Volvo Trucks North America claims to have taken a serious leap forward with its groundbreaking SuperTruck 2. This tractor-trailer was aiming to meet the US Department of Energy's challenge for a 100% efficiency increase and even exceeded it, achieving a 134% boost in efficiency. However one may argue that the task wasn’t so difficult since the baseline was set by a 2009 truck.
At the heart of SuperTruck 2's efficiency is (unsurprisingly) its aerodynamic design. The cabin is shaped into a sleek wedge, complemented by a wraparound windshield. This design, coupled with meticulously engineered fairings and a boat tail on the trailer, allows the SuperTruck 2 to slice through the air with 50% less drag than the models from 2009.
Volvo also reduced the vehicle's weight by employing a composite driveshaft and minimizing the number of axles. The cab, shorter than its peers, also uses lighter materials.
Volvo's vision extends beyond just road performance. The SuperTruck 2 features a 48-volt mild hybrid system, a smart addition that allows drivers to use comfort features without the need for prolonged engine idling. This thoughtful integration highlights Volvo's commitment to efficiency at every turn.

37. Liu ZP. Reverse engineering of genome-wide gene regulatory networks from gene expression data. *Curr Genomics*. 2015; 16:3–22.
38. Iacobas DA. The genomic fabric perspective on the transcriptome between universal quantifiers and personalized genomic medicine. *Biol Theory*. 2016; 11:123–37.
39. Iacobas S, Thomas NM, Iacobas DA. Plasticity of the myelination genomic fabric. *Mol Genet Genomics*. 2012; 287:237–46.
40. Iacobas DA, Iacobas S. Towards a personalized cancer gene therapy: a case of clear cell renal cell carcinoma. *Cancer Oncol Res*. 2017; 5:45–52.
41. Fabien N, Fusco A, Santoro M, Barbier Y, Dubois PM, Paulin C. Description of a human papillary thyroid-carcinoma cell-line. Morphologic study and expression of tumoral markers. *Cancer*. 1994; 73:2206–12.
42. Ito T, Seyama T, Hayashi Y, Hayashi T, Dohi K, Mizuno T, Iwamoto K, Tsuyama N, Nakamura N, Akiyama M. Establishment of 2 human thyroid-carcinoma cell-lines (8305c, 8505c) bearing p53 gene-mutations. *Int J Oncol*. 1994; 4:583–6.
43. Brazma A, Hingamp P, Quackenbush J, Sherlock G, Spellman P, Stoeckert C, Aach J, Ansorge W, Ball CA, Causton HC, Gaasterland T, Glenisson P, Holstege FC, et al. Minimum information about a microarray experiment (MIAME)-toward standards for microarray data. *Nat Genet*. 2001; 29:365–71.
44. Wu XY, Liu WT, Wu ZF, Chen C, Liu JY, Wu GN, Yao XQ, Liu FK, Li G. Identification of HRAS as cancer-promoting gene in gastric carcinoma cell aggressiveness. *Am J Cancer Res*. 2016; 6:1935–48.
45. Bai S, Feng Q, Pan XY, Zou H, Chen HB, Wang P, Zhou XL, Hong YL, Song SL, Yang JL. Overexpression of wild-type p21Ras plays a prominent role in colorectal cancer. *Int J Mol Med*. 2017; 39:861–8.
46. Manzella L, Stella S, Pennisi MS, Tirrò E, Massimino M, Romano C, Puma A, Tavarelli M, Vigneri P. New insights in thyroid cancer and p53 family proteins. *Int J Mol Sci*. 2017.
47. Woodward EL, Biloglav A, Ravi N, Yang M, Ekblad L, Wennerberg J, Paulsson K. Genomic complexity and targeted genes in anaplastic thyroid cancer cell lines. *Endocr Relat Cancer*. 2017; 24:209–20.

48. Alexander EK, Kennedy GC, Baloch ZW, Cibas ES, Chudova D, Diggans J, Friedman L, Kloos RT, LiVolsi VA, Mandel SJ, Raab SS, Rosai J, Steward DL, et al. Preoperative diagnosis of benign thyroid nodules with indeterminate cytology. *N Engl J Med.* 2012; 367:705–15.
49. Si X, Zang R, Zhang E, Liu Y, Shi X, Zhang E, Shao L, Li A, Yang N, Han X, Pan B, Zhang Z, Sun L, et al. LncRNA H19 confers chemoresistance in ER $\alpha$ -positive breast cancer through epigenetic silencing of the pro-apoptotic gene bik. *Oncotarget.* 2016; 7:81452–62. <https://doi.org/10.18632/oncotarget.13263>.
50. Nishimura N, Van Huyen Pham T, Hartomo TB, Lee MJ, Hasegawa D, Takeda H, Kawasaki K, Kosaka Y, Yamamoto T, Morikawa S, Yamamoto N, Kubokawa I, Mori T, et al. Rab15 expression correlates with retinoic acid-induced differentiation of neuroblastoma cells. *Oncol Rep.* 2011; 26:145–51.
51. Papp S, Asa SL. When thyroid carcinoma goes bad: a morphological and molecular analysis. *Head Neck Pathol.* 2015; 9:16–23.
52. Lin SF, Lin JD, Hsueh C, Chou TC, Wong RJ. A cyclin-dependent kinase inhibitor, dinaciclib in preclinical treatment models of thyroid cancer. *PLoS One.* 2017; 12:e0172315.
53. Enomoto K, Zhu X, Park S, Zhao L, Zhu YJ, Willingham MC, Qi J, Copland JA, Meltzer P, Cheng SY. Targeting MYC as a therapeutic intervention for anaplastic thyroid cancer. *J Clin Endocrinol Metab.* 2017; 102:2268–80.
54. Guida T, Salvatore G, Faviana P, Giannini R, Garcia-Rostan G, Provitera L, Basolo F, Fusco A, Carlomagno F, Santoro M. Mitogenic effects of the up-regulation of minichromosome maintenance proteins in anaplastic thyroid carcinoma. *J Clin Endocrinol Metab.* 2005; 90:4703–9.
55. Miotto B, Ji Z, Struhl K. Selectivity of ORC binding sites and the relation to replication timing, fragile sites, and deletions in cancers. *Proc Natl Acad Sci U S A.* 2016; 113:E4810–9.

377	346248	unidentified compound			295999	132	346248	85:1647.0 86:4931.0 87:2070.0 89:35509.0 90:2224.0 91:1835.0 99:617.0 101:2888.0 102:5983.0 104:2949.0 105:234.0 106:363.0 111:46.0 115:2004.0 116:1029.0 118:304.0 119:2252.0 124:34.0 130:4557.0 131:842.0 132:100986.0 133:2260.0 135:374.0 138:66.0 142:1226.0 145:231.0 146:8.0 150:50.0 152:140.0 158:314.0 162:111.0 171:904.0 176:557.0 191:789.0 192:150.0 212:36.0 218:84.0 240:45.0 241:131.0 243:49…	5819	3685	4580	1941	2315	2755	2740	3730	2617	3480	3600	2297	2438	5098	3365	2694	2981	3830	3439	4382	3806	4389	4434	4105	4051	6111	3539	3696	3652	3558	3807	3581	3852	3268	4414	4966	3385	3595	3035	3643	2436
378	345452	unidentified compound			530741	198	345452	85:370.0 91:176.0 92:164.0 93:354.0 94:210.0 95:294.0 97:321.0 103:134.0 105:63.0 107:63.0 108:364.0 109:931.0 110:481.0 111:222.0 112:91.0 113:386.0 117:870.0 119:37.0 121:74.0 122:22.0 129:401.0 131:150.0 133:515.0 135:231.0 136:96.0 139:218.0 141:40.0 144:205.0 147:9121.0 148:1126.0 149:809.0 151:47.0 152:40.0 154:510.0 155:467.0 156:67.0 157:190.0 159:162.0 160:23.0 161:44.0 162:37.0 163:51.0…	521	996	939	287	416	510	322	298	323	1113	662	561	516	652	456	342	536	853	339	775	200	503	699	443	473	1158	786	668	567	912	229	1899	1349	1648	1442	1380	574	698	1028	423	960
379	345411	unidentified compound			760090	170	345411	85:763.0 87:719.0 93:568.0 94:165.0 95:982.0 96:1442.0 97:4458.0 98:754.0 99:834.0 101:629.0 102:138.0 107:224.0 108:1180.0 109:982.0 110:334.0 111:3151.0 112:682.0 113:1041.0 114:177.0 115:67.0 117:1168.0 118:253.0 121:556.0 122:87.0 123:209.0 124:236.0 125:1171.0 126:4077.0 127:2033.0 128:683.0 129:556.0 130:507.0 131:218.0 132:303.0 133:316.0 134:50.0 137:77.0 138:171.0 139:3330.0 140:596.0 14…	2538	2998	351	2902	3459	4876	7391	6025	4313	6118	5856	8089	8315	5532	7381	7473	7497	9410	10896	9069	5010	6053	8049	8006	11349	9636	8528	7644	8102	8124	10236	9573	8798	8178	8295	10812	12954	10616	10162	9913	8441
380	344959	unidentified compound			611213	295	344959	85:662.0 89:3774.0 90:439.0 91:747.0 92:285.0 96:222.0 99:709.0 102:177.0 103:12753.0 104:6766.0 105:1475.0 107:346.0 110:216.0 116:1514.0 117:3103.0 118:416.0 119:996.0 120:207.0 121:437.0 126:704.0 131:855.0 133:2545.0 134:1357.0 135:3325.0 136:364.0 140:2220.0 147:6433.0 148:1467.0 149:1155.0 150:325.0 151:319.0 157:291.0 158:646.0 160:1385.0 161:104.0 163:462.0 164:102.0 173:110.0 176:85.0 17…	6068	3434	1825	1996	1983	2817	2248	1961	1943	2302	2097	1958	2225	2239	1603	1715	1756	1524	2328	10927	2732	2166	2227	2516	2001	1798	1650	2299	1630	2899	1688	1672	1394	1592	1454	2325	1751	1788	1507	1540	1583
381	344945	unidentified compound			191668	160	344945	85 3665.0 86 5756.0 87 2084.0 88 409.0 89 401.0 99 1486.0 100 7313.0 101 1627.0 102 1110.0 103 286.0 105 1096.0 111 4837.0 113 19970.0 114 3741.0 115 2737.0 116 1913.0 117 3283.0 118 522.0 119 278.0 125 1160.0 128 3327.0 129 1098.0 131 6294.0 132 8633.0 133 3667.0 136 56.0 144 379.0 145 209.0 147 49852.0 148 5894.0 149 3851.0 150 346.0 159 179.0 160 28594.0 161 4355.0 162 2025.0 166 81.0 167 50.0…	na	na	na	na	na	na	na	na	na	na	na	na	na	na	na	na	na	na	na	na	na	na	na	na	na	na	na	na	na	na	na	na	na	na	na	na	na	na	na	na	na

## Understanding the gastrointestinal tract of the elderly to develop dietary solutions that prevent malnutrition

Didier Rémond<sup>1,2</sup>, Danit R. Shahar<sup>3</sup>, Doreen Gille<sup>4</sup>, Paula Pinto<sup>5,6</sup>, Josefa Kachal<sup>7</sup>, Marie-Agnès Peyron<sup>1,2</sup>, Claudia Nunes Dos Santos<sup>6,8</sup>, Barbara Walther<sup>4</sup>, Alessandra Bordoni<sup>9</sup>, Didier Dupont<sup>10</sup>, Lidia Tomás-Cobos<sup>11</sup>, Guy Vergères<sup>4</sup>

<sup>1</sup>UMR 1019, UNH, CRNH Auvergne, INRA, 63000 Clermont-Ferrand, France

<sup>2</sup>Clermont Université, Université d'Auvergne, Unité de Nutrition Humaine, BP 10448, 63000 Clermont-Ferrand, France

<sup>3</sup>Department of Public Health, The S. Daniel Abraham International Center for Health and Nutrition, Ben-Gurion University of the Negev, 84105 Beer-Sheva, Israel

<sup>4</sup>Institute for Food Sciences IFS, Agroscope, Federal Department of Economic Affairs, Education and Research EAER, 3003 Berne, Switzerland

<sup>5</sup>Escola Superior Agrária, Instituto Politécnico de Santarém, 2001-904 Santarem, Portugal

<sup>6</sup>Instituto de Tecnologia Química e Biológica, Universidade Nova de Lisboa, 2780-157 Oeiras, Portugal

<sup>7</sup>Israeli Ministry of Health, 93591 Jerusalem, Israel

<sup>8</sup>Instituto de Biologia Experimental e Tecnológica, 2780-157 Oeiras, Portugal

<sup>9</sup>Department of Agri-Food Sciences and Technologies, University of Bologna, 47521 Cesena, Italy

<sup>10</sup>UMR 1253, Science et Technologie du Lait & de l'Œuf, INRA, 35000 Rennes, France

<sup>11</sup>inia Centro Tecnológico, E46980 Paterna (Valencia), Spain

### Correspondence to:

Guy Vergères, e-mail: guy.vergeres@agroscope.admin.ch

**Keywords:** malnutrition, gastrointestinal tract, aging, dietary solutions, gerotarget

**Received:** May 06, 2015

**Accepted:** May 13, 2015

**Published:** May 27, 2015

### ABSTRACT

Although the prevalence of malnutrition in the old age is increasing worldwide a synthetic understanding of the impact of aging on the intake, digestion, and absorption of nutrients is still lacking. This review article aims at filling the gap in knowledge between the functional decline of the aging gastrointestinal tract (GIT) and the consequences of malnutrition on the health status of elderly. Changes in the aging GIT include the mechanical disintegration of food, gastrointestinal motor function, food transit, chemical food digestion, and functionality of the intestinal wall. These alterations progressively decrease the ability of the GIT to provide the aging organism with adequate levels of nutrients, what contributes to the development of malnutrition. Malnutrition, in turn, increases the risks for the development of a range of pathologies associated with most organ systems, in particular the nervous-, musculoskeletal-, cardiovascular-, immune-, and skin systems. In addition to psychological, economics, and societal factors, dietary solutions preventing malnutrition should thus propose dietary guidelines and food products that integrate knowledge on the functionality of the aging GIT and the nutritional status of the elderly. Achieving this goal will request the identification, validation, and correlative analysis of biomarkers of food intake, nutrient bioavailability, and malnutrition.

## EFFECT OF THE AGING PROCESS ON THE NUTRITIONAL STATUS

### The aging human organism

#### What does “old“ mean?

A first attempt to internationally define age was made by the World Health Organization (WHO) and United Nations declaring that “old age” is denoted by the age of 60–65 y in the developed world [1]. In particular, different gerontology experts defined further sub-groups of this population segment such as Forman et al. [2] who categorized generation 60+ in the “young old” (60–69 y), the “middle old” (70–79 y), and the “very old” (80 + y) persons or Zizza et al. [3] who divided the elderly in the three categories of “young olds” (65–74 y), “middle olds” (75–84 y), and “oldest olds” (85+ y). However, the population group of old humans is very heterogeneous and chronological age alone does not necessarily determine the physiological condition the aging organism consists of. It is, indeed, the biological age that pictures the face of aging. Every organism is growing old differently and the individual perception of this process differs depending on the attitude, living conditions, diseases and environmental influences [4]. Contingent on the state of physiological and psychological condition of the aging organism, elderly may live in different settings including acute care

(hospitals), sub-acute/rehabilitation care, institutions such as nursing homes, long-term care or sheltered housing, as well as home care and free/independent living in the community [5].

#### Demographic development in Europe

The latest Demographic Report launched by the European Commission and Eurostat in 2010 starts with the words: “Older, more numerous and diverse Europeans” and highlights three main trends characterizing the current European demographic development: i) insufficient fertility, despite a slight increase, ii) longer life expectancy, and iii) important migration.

Peter Voorhoeve, President of Volvo Trucks North America, emphasizes that the SuperTruck 2 was rigorously tested under real-world conditions, not just in controlled environments. This approach ensures that the truck's efficiency gains are practical and applicable in everyday scenarios, a crucial aspect for a concept vehicle aiming to influence future production models.
While the SuperTruck 2 remains a concept, its influence is already percolating into Volvo's production trucks. The insights gained from this project are shaping the future of trucking, focusing on real-world efficiency and environmental responsibility.
While the SuperTruck 2 is a hybrid vehicle, it has an all-electric cousin - the VNR Electric 6×2 Day Cab Tractor, boasting a range of 275 miles courtesy of a huge 565 kWh battery. This electric powerhouse generates 455 hp (339 kW/461 PS) and an astonishing 4,051 lb-ft of torque, marking a significant step in Volvo's journey towards sustainable transportation.
It’s a commendable effort for sure, but it feels removed from reality, it feels as if Volvo engineers were locked up in the factory without access to the outside world. While 275 miles range is impressive for a tractor-trailer unit on its own, it should be benchmarked against the best in the industry - and that, whether we like it or not - is the Tesla Semi at the moment.
Going by the same token, boasting about the SuperTruck 2’s efficiency improvements based on a 2009 truck isn’t really something to be shouting about from the rooftops. 14 years in automotive technology is a very long time and while the improvements are desperately needed, Volvo - out of all the automotive companies out there - should be aiming a wee bit higher.